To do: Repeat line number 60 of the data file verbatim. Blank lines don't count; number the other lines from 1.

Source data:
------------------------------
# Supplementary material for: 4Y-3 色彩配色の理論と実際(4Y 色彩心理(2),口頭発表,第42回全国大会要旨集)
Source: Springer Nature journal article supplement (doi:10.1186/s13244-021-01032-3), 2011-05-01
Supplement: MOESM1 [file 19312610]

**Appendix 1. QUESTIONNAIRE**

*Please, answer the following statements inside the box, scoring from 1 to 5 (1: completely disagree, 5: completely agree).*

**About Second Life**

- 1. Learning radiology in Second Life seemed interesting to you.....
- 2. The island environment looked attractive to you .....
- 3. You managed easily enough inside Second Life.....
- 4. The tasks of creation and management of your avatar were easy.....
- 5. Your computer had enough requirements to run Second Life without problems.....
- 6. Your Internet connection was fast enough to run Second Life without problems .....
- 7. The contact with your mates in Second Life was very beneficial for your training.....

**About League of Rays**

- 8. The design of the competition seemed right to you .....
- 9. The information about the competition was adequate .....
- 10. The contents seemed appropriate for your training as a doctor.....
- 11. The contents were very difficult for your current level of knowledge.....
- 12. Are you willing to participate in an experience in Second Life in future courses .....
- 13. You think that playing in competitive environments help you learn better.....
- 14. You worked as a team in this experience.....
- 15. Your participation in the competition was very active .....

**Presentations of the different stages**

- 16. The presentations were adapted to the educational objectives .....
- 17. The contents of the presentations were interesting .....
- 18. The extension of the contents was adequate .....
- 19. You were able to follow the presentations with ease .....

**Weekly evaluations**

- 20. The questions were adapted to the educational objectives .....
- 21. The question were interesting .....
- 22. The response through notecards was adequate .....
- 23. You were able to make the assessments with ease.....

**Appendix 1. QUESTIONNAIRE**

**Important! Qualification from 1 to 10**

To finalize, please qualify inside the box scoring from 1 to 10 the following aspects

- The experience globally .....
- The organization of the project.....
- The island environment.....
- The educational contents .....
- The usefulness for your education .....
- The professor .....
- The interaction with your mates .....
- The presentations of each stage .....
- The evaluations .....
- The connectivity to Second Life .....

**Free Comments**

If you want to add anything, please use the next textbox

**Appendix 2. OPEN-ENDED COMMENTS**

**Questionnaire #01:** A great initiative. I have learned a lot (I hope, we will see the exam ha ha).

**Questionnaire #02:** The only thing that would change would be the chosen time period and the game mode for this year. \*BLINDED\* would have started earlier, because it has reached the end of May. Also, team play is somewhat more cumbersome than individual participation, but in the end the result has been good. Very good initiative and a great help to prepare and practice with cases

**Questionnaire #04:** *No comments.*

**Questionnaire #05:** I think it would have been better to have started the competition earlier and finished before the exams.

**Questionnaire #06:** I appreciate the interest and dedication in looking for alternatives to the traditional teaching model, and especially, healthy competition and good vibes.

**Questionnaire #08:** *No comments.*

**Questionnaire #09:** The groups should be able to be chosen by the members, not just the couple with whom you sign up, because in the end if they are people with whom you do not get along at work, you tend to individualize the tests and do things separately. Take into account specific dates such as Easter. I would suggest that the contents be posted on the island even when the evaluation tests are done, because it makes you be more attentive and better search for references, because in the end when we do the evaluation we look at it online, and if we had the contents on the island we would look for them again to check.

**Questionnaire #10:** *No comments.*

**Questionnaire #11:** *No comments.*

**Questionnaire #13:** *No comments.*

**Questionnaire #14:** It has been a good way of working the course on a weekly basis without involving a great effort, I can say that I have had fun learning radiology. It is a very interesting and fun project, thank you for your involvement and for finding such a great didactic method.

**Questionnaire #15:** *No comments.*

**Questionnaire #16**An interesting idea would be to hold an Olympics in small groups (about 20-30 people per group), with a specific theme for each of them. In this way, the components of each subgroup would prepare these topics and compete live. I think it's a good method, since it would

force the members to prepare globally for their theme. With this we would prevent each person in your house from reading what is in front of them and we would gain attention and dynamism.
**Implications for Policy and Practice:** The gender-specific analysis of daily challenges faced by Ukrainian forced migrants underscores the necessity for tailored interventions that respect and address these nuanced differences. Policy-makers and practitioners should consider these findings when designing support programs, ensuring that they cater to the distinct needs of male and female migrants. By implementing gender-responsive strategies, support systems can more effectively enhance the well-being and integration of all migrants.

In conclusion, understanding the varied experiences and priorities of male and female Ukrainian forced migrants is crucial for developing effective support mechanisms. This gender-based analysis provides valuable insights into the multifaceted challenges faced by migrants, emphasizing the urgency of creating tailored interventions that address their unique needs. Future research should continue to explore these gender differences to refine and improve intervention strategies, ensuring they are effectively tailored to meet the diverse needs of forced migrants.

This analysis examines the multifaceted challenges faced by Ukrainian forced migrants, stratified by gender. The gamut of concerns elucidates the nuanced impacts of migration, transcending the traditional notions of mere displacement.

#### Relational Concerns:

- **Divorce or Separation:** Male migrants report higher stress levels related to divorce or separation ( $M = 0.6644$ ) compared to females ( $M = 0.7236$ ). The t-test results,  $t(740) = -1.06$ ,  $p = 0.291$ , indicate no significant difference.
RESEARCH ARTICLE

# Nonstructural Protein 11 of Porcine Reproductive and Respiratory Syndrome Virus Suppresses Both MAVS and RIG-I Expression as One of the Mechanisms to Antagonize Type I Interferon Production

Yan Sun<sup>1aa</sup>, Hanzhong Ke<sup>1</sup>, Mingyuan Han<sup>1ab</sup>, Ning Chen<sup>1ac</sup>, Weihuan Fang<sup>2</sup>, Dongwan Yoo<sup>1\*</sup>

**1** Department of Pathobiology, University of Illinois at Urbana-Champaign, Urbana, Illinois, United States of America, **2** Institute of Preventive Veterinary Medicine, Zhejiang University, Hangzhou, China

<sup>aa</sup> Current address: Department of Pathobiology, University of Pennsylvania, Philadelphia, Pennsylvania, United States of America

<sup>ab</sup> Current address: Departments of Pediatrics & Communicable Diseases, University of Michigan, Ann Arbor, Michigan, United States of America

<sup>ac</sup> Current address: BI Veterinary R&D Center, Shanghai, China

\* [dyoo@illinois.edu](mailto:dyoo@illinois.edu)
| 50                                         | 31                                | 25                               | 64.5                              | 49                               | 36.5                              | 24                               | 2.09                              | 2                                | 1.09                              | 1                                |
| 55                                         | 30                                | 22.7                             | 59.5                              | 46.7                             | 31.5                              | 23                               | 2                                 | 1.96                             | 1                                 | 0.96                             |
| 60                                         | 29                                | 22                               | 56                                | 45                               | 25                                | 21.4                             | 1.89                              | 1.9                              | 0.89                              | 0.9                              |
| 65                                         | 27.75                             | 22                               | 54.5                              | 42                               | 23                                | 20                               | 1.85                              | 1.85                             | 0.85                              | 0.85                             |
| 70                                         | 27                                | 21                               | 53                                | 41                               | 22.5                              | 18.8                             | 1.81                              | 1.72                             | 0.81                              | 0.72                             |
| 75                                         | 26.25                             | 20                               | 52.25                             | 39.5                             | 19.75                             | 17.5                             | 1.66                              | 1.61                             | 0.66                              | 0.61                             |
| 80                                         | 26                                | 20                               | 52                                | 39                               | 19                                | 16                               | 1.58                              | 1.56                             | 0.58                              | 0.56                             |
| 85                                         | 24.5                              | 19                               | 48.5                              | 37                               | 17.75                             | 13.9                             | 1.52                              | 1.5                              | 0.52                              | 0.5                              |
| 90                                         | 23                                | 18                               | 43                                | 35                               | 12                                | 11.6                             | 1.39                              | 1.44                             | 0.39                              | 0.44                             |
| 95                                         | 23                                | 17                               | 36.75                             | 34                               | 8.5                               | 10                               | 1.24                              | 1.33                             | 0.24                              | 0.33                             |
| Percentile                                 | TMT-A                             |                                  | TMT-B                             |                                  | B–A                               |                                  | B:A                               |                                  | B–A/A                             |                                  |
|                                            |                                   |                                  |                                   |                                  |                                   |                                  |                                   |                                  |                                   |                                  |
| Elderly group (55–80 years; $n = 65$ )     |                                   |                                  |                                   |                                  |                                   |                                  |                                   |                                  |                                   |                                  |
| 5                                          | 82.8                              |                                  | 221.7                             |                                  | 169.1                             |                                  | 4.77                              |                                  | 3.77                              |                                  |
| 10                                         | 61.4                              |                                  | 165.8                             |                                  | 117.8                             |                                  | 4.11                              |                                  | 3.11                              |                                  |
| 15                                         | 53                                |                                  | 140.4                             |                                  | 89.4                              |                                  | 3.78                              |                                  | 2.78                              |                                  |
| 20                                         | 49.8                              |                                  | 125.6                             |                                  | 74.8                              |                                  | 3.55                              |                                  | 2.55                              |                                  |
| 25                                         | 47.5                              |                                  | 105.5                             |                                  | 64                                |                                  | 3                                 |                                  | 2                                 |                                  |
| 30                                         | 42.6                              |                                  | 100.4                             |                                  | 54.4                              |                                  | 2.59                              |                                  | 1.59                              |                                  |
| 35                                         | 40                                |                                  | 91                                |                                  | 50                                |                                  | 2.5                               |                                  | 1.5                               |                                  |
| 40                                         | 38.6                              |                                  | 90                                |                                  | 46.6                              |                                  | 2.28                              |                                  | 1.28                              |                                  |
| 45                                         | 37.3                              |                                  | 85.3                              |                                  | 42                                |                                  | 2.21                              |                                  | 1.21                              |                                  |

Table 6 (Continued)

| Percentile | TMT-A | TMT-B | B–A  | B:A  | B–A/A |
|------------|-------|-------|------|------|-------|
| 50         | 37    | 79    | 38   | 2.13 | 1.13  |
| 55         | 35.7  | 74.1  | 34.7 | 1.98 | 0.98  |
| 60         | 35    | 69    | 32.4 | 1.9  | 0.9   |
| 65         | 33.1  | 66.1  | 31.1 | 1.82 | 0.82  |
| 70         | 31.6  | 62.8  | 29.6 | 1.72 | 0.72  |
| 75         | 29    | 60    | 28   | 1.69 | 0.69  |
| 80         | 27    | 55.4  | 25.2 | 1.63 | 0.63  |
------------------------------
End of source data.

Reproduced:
**Questionnaire #15:** *No comments.*